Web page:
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Posted by on Sep 16, 2015 in Uncategorized |

Questions About In-Home Healthcare? Find The Answers Here!

Bringing a home care provider into your home can mean the difference between independent living or going into nursing care. You likely have a lot of questions that you want answered before opening up your home and life to this service. Below, find the answers to some of the most common questions about senior home care.

Question #1: Will your insurance cover home care?

Answer: This depends. Medicare does cover some home health care services, for example. Generally, these are when the care is prescribed by your physician and the services include skilled medical care, such as physical therapy or nursing care. Private insurance plans may also cover all or a portion of your home health care costs. There are also longterm care insurance policies available, which may also have the ability to offset some or all of the cost.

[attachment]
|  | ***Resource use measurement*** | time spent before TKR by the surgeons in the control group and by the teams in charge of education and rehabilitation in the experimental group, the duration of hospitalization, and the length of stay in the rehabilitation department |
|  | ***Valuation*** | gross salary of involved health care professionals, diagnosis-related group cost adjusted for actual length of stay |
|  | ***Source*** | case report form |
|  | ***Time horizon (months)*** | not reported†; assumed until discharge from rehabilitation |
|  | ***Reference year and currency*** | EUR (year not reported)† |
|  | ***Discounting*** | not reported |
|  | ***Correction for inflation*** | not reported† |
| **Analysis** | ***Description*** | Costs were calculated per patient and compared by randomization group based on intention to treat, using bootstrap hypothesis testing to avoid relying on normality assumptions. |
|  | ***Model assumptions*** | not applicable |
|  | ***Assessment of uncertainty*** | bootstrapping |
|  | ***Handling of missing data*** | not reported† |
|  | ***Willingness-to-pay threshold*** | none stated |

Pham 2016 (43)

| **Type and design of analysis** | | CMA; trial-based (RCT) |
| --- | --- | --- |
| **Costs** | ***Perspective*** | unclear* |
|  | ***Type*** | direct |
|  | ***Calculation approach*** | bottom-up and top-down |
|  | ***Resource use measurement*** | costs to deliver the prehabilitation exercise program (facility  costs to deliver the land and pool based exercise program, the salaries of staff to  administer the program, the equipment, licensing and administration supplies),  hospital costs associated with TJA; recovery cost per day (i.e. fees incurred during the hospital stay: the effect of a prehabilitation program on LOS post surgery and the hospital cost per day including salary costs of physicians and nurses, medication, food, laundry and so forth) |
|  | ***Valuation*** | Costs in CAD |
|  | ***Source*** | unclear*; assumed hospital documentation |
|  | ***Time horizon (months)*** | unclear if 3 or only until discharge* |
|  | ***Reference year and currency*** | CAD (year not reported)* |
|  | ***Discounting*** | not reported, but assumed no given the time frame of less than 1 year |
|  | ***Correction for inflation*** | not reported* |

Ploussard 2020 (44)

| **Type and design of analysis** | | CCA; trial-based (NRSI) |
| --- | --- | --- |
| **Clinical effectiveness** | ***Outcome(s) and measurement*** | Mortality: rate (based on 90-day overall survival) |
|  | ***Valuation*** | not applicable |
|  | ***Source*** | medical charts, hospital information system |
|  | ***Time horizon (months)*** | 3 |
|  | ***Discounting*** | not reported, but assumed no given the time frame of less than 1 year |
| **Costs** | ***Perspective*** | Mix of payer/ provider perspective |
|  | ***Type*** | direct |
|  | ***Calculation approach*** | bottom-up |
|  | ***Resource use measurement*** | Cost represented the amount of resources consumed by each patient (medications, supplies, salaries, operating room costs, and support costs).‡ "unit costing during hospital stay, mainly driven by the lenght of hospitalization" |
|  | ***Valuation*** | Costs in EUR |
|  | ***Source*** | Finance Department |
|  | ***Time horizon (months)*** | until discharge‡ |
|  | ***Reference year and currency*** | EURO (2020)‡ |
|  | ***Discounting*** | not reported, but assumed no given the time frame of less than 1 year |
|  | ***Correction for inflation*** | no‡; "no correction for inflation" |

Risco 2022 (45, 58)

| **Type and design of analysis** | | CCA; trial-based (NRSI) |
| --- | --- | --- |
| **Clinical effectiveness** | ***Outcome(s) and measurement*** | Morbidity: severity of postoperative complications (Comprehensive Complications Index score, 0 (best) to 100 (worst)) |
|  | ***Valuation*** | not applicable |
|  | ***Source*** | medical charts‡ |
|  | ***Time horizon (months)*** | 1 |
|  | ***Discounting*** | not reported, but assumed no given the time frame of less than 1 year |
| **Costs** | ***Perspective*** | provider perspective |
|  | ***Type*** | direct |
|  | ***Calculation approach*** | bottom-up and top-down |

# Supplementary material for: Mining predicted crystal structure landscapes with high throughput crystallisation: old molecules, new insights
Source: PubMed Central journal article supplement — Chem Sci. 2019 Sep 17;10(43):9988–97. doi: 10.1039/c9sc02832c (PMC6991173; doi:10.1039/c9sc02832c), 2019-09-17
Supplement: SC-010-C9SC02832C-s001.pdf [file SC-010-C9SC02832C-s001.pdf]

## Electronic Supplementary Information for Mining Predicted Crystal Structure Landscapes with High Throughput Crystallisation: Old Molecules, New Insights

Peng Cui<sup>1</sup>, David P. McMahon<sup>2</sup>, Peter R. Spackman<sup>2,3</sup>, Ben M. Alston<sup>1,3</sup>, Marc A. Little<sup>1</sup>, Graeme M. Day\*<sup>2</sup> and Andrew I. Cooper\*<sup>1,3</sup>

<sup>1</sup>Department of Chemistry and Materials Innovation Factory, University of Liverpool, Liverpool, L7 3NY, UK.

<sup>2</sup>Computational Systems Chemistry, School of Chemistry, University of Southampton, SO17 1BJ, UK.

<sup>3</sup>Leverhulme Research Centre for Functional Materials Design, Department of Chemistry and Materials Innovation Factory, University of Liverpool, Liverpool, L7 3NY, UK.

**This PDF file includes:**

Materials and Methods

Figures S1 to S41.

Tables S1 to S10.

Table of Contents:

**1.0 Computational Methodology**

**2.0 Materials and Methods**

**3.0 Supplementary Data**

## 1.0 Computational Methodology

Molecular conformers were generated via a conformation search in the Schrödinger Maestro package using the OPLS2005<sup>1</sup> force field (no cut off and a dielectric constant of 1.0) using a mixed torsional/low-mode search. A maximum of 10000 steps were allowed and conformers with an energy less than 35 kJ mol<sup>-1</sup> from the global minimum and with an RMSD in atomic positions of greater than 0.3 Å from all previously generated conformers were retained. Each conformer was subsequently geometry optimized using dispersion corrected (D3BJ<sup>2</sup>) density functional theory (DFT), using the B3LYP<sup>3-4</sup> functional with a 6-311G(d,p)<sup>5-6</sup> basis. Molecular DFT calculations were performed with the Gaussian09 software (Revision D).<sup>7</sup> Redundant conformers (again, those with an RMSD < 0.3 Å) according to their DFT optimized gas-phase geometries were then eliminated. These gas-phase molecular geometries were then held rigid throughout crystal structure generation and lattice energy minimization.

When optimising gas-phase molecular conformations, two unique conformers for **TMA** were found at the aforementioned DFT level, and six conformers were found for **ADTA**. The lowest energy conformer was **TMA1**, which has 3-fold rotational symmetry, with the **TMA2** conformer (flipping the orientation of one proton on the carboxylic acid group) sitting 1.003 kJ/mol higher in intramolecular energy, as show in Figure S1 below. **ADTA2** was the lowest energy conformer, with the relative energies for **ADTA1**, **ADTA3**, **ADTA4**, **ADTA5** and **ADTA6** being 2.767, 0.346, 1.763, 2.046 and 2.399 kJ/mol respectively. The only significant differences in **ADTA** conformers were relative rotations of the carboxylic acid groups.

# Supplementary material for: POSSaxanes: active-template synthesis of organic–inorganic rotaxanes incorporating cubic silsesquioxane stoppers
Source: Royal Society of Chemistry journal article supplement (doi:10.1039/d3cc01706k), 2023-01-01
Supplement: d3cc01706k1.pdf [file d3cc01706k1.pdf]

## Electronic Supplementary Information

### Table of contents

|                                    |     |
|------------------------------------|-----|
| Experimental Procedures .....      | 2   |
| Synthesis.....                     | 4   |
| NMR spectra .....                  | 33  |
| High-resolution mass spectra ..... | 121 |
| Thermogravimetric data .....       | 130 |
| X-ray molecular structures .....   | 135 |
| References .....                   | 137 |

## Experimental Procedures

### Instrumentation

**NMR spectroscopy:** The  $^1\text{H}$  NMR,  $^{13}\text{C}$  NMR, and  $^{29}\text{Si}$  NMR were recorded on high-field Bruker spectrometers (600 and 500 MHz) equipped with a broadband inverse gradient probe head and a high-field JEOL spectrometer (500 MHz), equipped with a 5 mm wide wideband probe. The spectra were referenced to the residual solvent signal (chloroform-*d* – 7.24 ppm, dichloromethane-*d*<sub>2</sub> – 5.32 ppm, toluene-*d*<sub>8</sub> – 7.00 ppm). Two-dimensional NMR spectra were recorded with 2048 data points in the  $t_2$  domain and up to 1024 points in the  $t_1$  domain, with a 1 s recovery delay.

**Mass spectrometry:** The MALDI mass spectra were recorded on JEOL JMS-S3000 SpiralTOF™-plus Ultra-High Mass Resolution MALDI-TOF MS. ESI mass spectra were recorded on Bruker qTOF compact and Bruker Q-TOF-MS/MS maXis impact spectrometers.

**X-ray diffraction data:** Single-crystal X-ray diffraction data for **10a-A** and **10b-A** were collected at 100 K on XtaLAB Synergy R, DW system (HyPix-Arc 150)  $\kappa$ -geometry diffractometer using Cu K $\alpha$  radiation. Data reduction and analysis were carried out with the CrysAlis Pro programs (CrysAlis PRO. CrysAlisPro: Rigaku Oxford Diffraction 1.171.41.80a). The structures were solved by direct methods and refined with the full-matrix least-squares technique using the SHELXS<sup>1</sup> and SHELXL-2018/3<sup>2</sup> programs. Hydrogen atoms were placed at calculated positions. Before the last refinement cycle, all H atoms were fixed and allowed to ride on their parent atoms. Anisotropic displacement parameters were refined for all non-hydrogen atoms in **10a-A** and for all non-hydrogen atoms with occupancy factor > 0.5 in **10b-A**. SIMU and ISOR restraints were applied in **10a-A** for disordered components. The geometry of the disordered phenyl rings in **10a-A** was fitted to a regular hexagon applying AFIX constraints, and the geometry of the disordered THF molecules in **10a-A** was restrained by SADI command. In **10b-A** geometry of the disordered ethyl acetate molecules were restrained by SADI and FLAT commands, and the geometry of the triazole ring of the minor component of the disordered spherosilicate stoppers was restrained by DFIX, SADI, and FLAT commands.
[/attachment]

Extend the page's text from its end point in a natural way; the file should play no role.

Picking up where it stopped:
Question #2: What services will be provided?

Answer: If your services are covered by health insurance or Medicare, then covered services will likely be only those that are prescribed by your doctor for medical reasons. This includes physical and occupational therapy, skilled nursing services, hearing or speech therapy, and the changing of dressings on wounds. Optional services are also available, which you can pay for out of pocket if you don’t have additional insurance coverage. These include personal care, such as bathing and grooming help, along with household services, which can include cooking, laundry, and running errands.

Question #3: Are there temporary options available?

Answer: Often, home health care is only for a limited time. For example, you may only need the services to help you recover from a recent surgery, illness or accident. Sometimes, you may only have one or two visits, such as if you need home health services to help you learn how to use a new assistive device, such as a wheelchair. You will likely have a limited time for services if it is covered by insurance or Medicare, which will depend upon the limitations of your policy and the length of time it is prescribed for.